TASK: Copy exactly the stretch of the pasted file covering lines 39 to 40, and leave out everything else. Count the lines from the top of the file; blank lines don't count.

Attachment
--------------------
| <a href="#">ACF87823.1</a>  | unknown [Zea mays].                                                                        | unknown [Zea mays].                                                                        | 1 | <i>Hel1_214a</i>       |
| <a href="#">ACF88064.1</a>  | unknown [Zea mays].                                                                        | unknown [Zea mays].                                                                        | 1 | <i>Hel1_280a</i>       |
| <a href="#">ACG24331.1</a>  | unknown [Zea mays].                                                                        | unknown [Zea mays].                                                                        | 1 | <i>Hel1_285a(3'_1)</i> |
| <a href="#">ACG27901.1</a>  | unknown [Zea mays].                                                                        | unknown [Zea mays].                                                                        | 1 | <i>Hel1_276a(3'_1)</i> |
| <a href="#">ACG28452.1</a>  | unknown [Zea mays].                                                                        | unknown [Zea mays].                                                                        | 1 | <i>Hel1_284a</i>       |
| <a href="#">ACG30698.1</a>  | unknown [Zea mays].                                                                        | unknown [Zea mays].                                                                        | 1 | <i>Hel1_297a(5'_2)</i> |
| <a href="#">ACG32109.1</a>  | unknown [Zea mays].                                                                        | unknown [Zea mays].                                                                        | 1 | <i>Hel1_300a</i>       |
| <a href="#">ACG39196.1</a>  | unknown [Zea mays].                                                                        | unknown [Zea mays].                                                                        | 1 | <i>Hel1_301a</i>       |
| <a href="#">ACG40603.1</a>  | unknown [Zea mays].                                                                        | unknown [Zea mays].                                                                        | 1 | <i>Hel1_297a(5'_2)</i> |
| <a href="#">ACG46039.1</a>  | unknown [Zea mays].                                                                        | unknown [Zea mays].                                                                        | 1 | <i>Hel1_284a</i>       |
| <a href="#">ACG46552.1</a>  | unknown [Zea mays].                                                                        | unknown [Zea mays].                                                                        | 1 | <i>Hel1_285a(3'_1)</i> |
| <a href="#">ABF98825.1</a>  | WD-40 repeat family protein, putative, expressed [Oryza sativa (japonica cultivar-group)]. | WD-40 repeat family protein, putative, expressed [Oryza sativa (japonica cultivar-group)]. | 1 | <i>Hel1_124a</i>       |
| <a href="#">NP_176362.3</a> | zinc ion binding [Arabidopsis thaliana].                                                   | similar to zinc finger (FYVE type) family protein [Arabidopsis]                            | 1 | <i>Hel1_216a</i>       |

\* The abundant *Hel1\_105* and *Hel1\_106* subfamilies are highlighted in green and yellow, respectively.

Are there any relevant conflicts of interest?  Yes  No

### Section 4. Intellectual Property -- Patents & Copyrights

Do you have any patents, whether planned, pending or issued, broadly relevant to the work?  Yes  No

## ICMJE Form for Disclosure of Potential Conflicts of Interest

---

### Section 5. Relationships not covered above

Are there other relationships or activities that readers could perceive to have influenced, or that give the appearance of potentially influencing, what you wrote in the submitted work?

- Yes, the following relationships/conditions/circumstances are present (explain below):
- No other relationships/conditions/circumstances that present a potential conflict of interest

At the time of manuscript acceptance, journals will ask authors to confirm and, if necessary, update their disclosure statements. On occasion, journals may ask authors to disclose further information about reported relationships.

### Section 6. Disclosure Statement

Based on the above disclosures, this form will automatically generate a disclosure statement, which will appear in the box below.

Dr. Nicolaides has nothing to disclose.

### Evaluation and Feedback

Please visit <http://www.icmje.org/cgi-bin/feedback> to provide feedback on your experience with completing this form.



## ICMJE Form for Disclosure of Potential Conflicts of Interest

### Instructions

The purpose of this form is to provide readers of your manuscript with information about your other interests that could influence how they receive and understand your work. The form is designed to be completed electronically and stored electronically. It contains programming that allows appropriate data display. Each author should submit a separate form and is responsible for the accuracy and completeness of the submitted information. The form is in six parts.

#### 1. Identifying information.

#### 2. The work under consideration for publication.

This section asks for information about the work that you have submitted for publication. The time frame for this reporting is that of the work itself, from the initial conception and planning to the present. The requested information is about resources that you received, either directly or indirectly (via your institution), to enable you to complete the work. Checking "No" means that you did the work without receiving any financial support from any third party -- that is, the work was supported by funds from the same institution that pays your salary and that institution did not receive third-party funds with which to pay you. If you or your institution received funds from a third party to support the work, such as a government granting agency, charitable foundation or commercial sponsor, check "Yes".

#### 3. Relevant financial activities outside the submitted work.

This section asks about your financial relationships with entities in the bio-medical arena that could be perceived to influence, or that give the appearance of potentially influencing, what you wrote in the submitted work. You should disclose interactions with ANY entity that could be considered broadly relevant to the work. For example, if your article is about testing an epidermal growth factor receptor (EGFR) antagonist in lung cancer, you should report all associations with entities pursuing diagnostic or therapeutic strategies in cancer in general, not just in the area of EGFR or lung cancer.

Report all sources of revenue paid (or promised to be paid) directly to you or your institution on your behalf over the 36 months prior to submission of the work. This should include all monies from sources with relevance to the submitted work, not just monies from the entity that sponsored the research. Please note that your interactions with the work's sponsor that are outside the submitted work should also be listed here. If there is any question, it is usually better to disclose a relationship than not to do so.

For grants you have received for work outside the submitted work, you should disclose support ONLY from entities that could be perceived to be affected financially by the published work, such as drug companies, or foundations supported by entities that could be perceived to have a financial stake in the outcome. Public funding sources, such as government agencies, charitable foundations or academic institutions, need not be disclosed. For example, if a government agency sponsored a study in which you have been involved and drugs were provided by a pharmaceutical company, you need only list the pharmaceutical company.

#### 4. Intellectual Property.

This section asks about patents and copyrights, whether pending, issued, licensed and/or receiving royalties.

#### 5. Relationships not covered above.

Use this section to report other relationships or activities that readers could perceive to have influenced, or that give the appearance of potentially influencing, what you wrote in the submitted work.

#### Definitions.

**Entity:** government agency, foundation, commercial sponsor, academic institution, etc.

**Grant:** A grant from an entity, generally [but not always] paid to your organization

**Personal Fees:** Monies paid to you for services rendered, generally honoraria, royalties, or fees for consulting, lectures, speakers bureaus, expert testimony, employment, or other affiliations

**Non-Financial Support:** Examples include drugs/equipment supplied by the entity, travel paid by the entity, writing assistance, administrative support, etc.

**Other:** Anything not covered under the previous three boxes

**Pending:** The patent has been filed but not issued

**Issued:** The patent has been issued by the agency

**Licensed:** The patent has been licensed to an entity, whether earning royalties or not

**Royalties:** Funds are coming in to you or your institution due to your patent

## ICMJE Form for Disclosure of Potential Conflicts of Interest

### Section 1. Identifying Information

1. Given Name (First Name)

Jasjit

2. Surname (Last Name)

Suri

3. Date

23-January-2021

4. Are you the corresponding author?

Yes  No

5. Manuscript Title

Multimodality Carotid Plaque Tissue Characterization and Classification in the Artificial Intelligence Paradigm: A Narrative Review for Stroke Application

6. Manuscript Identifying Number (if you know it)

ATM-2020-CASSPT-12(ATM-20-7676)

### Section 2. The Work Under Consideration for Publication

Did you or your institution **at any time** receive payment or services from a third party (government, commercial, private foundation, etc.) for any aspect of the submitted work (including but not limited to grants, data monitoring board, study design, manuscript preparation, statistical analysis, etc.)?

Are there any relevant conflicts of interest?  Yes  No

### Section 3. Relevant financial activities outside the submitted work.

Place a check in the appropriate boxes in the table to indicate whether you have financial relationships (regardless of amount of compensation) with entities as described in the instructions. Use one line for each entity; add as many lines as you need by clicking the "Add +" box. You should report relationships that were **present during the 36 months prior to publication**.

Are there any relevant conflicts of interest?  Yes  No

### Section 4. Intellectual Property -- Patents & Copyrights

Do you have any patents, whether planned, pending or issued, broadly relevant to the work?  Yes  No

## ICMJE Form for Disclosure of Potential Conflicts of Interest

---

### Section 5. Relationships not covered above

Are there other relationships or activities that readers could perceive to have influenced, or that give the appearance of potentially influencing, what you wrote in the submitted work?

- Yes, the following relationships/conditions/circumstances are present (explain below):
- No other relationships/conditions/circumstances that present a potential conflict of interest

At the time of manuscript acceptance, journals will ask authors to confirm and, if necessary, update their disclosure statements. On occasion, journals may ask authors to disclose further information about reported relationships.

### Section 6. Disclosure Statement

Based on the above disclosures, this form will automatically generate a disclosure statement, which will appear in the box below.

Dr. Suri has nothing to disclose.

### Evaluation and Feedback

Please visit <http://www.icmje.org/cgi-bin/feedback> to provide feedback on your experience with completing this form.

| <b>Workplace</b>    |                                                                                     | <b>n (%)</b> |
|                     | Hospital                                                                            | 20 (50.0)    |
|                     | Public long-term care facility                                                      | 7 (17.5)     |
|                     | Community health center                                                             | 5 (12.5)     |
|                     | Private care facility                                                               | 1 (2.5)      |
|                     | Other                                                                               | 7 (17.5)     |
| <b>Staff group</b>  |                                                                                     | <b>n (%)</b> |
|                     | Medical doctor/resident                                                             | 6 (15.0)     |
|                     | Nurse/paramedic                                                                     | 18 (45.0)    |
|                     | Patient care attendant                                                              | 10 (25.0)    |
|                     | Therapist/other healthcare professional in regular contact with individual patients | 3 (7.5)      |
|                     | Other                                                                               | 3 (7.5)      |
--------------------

For grants you have received for work outside the submitted work, you should disclose support ONLY from entities that could be perceived to be affected financially by the published work, such as drug companies, or foundations supported by entities that could be perceived to have a financial stake in the outcome. Public funding sources, such as government agencies, charitable foundations or academic institutions, need not be disclosed. For example, if a government agency sponsored a study in which you have been involved and drugs were provided by a pharmaceutical company, you need only list the pharmaceutical company.

#### 4. Intellectual Property.